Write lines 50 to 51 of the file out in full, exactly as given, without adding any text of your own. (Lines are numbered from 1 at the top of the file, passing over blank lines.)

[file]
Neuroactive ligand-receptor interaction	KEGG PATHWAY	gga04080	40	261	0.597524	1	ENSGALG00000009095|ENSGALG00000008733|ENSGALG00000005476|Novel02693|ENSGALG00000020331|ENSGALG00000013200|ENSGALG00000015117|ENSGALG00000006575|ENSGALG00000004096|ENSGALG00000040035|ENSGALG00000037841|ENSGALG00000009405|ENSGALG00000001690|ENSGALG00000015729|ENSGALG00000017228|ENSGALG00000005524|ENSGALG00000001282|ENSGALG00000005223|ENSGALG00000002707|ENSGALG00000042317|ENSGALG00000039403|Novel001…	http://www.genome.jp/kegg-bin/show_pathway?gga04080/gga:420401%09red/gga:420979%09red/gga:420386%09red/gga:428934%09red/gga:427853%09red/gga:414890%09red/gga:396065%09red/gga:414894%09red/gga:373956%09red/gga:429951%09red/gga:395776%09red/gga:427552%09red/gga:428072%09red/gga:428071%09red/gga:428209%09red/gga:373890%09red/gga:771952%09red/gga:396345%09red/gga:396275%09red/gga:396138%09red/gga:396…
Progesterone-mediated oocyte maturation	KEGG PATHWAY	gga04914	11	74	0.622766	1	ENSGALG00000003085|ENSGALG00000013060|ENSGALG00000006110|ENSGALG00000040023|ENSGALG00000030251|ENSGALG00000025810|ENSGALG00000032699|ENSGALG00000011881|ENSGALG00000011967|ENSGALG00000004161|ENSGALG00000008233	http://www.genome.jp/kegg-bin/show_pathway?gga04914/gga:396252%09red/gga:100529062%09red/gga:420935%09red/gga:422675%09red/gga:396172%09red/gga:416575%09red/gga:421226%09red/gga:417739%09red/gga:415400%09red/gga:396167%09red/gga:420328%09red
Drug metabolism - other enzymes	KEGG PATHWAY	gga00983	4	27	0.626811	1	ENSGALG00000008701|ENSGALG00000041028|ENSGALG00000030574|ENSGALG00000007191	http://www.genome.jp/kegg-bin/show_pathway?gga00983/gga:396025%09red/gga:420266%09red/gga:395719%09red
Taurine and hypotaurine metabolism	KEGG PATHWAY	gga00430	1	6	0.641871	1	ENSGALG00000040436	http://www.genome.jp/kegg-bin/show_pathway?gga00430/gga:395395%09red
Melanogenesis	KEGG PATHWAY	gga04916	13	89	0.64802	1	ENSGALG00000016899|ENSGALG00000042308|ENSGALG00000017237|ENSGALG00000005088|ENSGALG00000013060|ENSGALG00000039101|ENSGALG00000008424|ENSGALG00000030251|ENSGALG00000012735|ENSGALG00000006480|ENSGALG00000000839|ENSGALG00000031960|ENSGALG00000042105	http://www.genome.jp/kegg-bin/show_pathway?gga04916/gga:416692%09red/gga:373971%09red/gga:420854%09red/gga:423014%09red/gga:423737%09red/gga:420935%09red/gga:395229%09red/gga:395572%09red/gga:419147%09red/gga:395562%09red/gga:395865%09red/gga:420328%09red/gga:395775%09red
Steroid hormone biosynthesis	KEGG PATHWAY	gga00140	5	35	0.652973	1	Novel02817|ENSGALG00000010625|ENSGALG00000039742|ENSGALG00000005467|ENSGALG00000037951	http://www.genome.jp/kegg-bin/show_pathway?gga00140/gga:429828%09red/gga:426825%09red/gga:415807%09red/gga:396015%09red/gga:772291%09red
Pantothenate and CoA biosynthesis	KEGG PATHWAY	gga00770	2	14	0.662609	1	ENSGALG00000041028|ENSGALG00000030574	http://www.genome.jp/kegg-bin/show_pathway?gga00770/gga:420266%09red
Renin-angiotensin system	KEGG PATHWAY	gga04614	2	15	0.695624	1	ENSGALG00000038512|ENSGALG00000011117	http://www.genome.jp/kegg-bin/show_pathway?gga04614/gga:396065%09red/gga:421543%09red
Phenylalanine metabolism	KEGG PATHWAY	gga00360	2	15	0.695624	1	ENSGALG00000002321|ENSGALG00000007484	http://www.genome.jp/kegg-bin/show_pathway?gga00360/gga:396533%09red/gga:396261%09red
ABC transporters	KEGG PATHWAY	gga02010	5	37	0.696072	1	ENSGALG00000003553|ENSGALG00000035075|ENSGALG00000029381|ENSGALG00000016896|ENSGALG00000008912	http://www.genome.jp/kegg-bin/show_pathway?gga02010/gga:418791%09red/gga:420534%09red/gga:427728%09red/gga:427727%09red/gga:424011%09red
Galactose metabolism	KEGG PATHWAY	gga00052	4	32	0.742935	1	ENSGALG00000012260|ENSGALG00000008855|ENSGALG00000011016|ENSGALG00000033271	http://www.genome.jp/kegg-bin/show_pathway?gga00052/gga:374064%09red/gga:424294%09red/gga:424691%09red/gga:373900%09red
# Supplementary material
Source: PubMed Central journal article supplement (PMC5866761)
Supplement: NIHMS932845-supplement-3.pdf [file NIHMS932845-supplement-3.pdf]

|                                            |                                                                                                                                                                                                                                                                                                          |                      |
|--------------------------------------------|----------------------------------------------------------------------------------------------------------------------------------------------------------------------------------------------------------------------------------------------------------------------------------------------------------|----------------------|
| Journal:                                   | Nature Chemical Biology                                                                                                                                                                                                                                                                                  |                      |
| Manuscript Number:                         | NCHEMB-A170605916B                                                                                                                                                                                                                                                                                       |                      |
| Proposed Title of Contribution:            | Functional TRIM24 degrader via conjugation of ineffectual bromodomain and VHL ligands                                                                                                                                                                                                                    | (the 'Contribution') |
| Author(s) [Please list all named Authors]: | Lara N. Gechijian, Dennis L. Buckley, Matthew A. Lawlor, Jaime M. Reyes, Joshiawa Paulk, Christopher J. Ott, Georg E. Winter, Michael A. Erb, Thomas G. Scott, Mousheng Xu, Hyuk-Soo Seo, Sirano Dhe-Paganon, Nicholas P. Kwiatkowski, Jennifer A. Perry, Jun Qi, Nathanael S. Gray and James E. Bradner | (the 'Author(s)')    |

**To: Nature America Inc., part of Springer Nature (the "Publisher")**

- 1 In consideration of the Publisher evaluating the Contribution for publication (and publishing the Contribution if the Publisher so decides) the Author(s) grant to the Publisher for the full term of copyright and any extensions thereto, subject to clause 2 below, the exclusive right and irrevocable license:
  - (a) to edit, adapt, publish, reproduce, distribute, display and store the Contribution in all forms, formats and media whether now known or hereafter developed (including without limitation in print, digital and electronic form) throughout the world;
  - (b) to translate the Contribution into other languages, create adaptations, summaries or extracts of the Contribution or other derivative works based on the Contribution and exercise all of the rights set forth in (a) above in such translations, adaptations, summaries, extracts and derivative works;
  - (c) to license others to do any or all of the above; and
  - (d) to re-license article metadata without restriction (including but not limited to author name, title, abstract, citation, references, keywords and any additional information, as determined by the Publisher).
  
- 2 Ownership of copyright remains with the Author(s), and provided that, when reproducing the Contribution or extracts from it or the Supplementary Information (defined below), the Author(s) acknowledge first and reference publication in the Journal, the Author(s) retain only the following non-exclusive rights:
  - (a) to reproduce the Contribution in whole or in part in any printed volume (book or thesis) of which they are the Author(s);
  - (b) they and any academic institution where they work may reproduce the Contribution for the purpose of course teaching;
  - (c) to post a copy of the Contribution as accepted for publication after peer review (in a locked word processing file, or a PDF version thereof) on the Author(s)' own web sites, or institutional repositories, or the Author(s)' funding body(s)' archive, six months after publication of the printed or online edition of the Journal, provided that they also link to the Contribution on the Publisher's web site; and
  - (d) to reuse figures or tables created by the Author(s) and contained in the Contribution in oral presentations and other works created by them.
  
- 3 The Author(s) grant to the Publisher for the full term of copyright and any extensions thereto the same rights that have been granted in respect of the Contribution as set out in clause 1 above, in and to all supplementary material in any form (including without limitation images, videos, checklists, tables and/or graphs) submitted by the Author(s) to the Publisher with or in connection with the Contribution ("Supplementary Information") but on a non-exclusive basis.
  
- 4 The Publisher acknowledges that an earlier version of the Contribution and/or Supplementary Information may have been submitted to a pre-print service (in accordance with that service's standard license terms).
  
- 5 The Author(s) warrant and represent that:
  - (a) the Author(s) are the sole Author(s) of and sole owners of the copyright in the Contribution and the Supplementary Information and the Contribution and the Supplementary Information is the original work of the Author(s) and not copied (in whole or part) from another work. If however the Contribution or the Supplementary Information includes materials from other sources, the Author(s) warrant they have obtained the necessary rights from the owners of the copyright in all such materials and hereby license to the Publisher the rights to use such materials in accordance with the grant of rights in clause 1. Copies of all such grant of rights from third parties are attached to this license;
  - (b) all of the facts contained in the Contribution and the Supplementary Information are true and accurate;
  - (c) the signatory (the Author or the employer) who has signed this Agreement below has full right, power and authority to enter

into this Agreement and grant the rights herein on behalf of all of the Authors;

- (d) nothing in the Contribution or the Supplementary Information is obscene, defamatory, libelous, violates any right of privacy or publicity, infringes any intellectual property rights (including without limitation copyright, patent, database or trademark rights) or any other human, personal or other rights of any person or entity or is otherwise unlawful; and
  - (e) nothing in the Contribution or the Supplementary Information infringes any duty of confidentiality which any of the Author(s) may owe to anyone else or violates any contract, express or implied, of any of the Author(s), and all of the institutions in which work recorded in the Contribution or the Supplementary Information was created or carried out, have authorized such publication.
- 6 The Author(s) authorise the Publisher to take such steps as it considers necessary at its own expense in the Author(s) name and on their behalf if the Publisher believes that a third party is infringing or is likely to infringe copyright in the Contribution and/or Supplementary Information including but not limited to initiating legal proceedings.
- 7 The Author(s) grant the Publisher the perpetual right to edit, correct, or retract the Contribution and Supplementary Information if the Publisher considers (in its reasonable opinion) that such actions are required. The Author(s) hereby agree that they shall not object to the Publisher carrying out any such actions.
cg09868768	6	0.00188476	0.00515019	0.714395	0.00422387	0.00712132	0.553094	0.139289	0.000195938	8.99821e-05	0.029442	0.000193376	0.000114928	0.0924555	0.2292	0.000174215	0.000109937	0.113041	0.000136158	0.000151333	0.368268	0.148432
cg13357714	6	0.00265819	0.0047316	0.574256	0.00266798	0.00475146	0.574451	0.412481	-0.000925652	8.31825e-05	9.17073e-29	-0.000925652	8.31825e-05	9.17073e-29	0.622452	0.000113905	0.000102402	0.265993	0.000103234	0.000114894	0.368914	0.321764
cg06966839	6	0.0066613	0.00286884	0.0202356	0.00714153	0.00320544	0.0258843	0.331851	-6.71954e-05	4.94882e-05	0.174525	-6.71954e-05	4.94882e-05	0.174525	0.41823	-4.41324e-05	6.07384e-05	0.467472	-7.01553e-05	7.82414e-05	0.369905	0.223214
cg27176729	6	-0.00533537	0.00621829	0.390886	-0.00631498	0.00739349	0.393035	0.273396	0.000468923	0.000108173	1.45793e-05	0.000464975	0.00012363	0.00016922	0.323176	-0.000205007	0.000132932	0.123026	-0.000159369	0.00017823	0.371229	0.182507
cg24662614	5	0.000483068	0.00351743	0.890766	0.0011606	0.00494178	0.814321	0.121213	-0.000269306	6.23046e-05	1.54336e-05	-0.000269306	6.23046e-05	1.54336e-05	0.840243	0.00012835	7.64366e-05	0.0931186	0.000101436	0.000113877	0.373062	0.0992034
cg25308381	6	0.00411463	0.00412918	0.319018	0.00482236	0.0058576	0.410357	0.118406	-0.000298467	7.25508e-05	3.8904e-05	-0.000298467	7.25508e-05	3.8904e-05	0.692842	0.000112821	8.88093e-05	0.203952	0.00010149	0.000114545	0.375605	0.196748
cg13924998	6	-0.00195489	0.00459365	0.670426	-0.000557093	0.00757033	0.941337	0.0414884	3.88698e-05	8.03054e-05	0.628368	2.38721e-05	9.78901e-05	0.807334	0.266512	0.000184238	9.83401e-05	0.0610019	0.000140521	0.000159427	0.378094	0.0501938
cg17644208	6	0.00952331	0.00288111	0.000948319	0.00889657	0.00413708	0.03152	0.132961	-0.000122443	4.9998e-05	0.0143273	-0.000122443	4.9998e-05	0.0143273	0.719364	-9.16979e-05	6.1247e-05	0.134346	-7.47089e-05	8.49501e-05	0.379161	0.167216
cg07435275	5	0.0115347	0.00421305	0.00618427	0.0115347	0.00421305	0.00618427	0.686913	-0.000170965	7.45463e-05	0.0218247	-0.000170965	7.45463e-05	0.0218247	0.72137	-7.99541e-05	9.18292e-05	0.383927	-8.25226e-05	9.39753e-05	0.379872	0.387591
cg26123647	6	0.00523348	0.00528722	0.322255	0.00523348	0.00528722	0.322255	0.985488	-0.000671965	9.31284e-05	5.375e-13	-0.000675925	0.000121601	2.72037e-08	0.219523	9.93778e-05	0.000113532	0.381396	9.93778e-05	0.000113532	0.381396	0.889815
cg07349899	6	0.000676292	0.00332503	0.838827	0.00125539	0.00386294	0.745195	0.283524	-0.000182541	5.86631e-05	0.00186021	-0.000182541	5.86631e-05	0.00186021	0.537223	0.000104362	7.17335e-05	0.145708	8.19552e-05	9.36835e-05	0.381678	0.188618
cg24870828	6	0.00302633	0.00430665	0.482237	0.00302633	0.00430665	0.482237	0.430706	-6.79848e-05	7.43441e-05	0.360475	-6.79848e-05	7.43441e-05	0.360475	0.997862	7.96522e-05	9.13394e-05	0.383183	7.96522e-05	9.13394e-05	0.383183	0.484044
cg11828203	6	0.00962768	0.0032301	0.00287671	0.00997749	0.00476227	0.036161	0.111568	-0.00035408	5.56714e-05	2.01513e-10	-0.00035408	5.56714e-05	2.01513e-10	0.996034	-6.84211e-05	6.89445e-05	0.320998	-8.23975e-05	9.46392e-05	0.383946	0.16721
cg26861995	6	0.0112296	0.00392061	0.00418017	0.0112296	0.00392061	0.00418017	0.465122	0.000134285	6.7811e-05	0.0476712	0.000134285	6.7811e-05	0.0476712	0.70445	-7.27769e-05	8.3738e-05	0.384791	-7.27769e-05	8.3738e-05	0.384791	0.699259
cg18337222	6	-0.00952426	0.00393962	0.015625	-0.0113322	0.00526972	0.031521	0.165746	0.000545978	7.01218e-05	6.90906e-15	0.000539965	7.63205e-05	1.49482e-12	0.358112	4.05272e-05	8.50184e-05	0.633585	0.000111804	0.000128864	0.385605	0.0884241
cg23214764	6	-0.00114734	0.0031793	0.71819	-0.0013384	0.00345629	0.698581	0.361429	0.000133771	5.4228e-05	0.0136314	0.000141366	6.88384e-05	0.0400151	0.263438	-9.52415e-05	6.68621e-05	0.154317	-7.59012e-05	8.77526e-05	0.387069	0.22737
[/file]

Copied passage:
cg17644208	6	0.00952331	0.00288111	0.000948319	0.00889657	0.00413708	0.03152	0.132961	-0.000122443	4.9998e-05	0.0143273	-0.000122443	4.9998e-05	0.0143273	0.719364	-9.16979e-05	6.1247e-05	0.134346	-7.47089e-05	8.49501e-05	0.379161	0.167216
cg07435275	5	0.0115347	0.00421305	0.00618427	0.0115347	0.00421305	0.00618427	0.686913	-0.000170965	7.45463e-05	0.0218247	-0.000170965	7.45463e-05	0.0218247	0.72137	-7.99541e-05	9.18292e-05	0.383927	-8.25226e-05	9.39753e-05	0.379872	0.387591